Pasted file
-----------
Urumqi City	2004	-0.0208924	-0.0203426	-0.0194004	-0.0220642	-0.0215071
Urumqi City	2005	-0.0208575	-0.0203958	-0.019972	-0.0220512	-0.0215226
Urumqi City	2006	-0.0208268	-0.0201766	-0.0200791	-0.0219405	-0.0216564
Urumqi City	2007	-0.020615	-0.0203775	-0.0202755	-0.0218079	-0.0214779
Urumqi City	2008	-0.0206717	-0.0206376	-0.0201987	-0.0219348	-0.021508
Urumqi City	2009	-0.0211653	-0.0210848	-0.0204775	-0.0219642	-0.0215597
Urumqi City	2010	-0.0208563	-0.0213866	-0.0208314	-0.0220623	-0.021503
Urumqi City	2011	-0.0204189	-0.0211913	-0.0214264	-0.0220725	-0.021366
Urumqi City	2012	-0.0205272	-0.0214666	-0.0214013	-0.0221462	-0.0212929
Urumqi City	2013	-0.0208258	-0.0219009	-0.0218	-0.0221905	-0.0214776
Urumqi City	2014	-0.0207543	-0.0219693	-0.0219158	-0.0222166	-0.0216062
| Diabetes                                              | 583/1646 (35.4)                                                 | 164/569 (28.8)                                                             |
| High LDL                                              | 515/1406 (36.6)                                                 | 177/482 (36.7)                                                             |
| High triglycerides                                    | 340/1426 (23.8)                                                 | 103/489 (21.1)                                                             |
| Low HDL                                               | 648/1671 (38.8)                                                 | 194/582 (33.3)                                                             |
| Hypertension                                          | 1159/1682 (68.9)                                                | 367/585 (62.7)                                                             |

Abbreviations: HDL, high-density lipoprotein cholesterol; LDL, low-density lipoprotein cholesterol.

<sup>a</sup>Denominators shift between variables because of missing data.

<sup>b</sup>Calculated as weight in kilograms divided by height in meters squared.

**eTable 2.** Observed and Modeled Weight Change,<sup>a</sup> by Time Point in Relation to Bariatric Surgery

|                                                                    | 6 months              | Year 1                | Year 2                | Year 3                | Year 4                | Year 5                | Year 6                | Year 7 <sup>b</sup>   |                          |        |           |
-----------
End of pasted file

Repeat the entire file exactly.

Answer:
Urumqi City	2004	-0.0208924	-0.0203426	-0.0194004	-0.0220642	-0.0215071
Urumqi City	2005	-0.0208575	-0.0203958	-0.019972	-0.0220512	-0.0215226
Urumqi City	2006	-0.0208268	-0.0201766	-0.0200791	-0.0219405	-0.0216564
Urumqi City	2007	-0.020615	-0.0203775	-0.0202755	-0.0218079	-0.0214779
Urumqi City	2008	-0.0206717	-0.0206376	-0.0201987	-0.0219348	-0.021508
Urumqi City	2009	-0.0211653	-0.0210848	-0.0204775	-0.0219642	-0.0215597
Urumqi City	2010	-0.0208563	-0.0213866	-0.0208314	-0.0220623	-0.021503
Urumqi City	2011	-0.0204189	-0.0211913	-0.0214264	-0.0220725	-0.021366
Urumqi City	2012	-0.0205272	-0.0214666	-0.0214013	-0.0221462	-0.0212929
Urumqi City	2013	-0.0208258	-0.0219009	-0.0218	-0.0221905	-0.0214776
Urumqi City	2014	-0.0207543	-0.0219693	-0.0219158	-0.0222166	-0.0216062
| Diabetes                                              | 583/1646 (35.4)                                                 | 164/569 (28.8)                                                             |
| High LDL                                              | 515/1406 (36.6)                                                 | 177/482 (36.7)                                                             |
| High triglycerides                                    | 340/1426 (23.8)                                                 | 103/489 (21.1)                                                             |
| Low HDL                                               | 648/1671 (38.8)                                                 | 194/582 (33.3)                                                             |
| Hypertension                                          | 1159/1682 (68.9)                                                | 367/585 (62.7)                                                             |

Abbreviations: HDL, high-density lipoprotein cholesterol; LDL, low-density lipoprotein cholesterol.

<sup>a</sup>Denominators shift between variables because of missing data.

<sup>b</sup>Calculated as weight in kilograms divided by height in meters squared.

**eTable 2.** Observed and Modeled Weight Change,<sup>a</sup> by Time Point in Relation to Bariatric Surgery

|                                                                    | 6 months              | Year 1                | Year 2                | Year 3                | Year 4                | Year 5                | Year 6                | Year 7 <sup>b</sup>   |                          |        |           |